Relationships

Love and Sports

Cultivating the virtue of love on the field

Posted Nov 21, 2016

Jim Larrison, CCL
Source: Jim Larrison, CCL

Many people today think of sport primarily in terms of combat. The opponent is the enemy. Sometimes, this mindset spills over into how teammates treat one another. When all that matters is winning, we can forget to respect each other and the game. It may seem idealistic, but the fact is that not only can we avoid this approach to sports, we can also create an environment in which love is present and active.

In its ideal form, love includes a desire for the good of the beloved and union with the beloved. This is not only the case in romantic love, but friendship, parental love, love of one’s neighbor, love of one’s teammates, and love of God. All of these forms of love include a close relationship of some sort.

But is it at all realistic that the virtue of love for God and others can be cultivated and exemplified in sport? It may be rare, but if it is intentionally cultivated, the virtue of love can flourish in athletic contexts.

Consider former professional American football player and high school football coach Joe Ehrmann’s approach to coaching. He and his fellow coaches work to build their players into men who are other-centered and have a transcendent cause to live for that is greater than themselves. His standard question and answer routine, prior to each game, is this:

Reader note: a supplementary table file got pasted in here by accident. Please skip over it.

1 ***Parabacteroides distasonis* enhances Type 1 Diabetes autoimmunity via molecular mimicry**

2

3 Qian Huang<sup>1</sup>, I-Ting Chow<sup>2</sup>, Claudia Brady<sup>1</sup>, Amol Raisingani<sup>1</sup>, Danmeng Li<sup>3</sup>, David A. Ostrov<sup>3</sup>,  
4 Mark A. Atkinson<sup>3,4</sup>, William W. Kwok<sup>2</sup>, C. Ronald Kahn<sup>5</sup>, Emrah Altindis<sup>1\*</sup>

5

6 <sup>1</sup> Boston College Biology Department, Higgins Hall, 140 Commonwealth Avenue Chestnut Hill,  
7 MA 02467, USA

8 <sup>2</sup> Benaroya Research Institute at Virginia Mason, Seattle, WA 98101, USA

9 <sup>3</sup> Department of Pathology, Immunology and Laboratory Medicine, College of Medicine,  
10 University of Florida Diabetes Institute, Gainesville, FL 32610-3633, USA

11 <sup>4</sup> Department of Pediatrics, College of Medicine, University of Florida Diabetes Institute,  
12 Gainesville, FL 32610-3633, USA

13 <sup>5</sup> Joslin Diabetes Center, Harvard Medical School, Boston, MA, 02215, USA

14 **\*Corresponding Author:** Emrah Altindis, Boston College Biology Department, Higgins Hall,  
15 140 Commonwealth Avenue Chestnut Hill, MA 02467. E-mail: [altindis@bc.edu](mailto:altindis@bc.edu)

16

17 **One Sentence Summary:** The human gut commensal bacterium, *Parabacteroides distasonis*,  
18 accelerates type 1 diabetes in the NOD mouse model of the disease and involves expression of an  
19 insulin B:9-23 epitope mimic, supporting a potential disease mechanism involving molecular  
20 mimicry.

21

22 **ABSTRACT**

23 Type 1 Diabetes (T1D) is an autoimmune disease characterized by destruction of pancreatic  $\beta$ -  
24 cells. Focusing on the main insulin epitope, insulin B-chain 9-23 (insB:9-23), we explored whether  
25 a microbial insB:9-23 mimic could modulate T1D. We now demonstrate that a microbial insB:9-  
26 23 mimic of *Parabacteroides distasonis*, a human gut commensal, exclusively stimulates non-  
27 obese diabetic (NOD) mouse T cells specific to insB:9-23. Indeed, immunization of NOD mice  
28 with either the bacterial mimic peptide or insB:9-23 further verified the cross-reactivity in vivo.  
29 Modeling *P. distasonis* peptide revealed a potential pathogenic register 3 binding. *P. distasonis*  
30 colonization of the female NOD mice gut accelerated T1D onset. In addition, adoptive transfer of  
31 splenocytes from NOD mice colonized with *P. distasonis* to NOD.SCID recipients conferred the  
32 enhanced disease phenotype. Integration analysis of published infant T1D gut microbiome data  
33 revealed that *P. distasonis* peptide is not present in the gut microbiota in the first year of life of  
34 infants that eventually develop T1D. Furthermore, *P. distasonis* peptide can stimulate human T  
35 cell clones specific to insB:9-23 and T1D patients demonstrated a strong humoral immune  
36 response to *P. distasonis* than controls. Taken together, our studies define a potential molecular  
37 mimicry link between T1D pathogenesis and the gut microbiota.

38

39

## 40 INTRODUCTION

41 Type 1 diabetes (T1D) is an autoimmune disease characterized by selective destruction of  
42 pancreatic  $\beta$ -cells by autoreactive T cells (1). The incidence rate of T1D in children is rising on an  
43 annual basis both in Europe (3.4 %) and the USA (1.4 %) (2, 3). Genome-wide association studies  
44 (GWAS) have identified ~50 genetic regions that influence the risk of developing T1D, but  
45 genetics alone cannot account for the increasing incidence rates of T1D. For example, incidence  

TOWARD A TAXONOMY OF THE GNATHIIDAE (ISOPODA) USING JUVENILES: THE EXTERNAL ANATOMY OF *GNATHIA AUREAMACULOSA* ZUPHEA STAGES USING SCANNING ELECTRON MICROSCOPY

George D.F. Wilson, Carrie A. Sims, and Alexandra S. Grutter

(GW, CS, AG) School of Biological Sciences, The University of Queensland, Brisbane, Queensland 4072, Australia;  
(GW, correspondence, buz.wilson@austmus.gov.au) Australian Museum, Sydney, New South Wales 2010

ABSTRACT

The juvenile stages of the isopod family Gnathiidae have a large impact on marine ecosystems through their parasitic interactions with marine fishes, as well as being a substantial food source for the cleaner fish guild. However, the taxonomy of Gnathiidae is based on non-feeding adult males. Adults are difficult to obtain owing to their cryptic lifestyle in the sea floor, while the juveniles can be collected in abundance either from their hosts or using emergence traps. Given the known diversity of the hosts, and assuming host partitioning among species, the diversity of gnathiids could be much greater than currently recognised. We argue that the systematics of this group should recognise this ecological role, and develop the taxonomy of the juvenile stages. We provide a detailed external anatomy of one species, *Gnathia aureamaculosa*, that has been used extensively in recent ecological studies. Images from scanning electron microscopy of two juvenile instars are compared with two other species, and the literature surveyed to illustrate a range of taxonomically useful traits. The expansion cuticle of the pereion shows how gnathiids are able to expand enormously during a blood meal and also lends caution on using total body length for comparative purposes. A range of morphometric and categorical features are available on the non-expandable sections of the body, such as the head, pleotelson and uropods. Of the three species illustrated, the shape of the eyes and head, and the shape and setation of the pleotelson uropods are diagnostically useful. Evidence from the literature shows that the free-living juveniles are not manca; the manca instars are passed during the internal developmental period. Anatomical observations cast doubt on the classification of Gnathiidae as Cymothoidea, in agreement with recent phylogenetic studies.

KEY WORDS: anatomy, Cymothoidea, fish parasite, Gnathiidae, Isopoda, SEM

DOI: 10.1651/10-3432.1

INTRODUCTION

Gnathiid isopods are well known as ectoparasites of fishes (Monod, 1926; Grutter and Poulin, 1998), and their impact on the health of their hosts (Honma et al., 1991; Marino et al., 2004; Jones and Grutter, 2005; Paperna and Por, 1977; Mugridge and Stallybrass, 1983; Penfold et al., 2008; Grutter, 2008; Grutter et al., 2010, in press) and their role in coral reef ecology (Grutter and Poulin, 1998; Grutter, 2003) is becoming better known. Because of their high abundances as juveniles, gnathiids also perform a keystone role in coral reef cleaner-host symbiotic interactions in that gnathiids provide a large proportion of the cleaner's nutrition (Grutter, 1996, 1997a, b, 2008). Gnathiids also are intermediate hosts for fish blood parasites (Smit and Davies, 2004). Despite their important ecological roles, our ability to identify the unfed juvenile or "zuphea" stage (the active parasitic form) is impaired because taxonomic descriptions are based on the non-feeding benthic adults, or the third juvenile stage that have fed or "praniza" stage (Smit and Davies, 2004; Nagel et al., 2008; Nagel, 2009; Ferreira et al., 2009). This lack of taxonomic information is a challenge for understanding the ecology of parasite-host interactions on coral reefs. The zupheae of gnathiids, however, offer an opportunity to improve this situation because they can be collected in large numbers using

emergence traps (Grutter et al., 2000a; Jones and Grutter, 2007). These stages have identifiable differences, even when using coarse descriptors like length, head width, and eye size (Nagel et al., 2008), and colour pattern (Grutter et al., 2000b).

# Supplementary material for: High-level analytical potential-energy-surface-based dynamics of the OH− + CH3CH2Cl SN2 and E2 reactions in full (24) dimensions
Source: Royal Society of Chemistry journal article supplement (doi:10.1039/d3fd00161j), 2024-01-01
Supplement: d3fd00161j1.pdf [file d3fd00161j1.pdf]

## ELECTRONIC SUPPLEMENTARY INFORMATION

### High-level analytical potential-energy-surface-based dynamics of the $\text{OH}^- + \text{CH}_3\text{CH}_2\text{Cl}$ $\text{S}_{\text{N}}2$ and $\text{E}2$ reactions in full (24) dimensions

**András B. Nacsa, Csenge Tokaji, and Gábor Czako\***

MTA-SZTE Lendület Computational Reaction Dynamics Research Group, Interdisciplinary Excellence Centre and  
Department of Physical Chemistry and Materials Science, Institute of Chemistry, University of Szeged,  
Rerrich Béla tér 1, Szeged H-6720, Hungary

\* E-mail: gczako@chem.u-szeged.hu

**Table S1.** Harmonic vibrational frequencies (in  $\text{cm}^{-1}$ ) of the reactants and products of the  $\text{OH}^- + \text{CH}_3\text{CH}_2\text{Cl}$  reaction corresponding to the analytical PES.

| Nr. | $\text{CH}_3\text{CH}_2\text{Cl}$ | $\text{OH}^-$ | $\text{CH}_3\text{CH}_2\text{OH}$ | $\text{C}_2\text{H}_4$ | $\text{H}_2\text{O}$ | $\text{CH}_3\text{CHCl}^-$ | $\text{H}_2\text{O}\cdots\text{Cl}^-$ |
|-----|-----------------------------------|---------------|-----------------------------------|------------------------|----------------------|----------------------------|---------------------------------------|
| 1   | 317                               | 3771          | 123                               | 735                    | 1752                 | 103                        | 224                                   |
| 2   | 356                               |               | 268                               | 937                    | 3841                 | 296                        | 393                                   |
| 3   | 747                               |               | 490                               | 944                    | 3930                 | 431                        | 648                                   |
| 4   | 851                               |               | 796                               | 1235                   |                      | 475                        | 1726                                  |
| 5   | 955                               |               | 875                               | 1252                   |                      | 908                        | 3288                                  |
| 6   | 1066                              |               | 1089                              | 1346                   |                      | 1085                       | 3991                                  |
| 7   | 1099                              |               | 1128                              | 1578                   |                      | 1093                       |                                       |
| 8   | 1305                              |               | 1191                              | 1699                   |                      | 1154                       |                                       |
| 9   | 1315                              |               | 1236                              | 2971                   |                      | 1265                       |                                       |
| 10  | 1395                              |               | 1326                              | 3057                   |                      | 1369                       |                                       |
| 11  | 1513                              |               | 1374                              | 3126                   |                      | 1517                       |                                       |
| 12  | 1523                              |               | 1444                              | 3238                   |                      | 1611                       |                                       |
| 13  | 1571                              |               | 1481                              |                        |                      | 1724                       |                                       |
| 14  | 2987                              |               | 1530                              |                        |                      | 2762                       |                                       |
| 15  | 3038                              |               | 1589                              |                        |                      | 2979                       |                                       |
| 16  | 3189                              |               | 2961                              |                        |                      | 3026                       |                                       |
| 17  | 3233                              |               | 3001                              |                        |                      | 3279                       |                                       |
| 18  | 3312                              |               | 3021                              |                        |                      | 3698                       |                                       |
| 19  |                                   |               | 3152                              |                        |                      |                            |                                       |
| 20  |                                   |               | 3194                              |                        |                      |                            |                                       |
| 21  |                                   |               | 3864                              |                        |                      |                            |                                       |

“What is our job as coaches?” he asked.
    “To love us!” the boys yelled back in unison.
    “What is your job?”
    “To love each other,” the boys responded.

This is countercultural, in many ways, but shows what is possible in the realm of sport, even with a team of 14-18 year old boys playing a violent game. The transcendent cause that Joe Ehrmann embraces and models for his players is love for God. It isn’t always clear sailing, but the virtue of love seems to flourish here.

Ehrmann and the rest of the coaches show love inasmuch as they put the interests of the boys ahead of victory and public accolades. When one of the other coaches was asked how successful the team would be this year, he replied that “I have no idea. Won’t really know for twenty years…Then I’ll be able to see what kind of husbands they are. I’ll be able to see what kind of fathers they are. I’ll see what they're doing in the community.”

The team was a perennial winner, even ranked as the top team in the state, but along with athletic success the coaches have something else in mind for the athletes they coach. They love their players, and they help them to love others.

Coaches, parents, athletes, and fans usually focus on winning and becoming better at their chosen sport. This is good. But they should also focus on cultivating character in sport, including the virtue of love, the most important virtue of all.

@michaelwaustin

References

Jeffrey Marx, A Season of Life (New York: Simon and Schuster, 2003), p. 3, 53.

Eric J. Silverman, The Prudence of Love (Lanham, MD: Lexington Books, 2010), p. 59.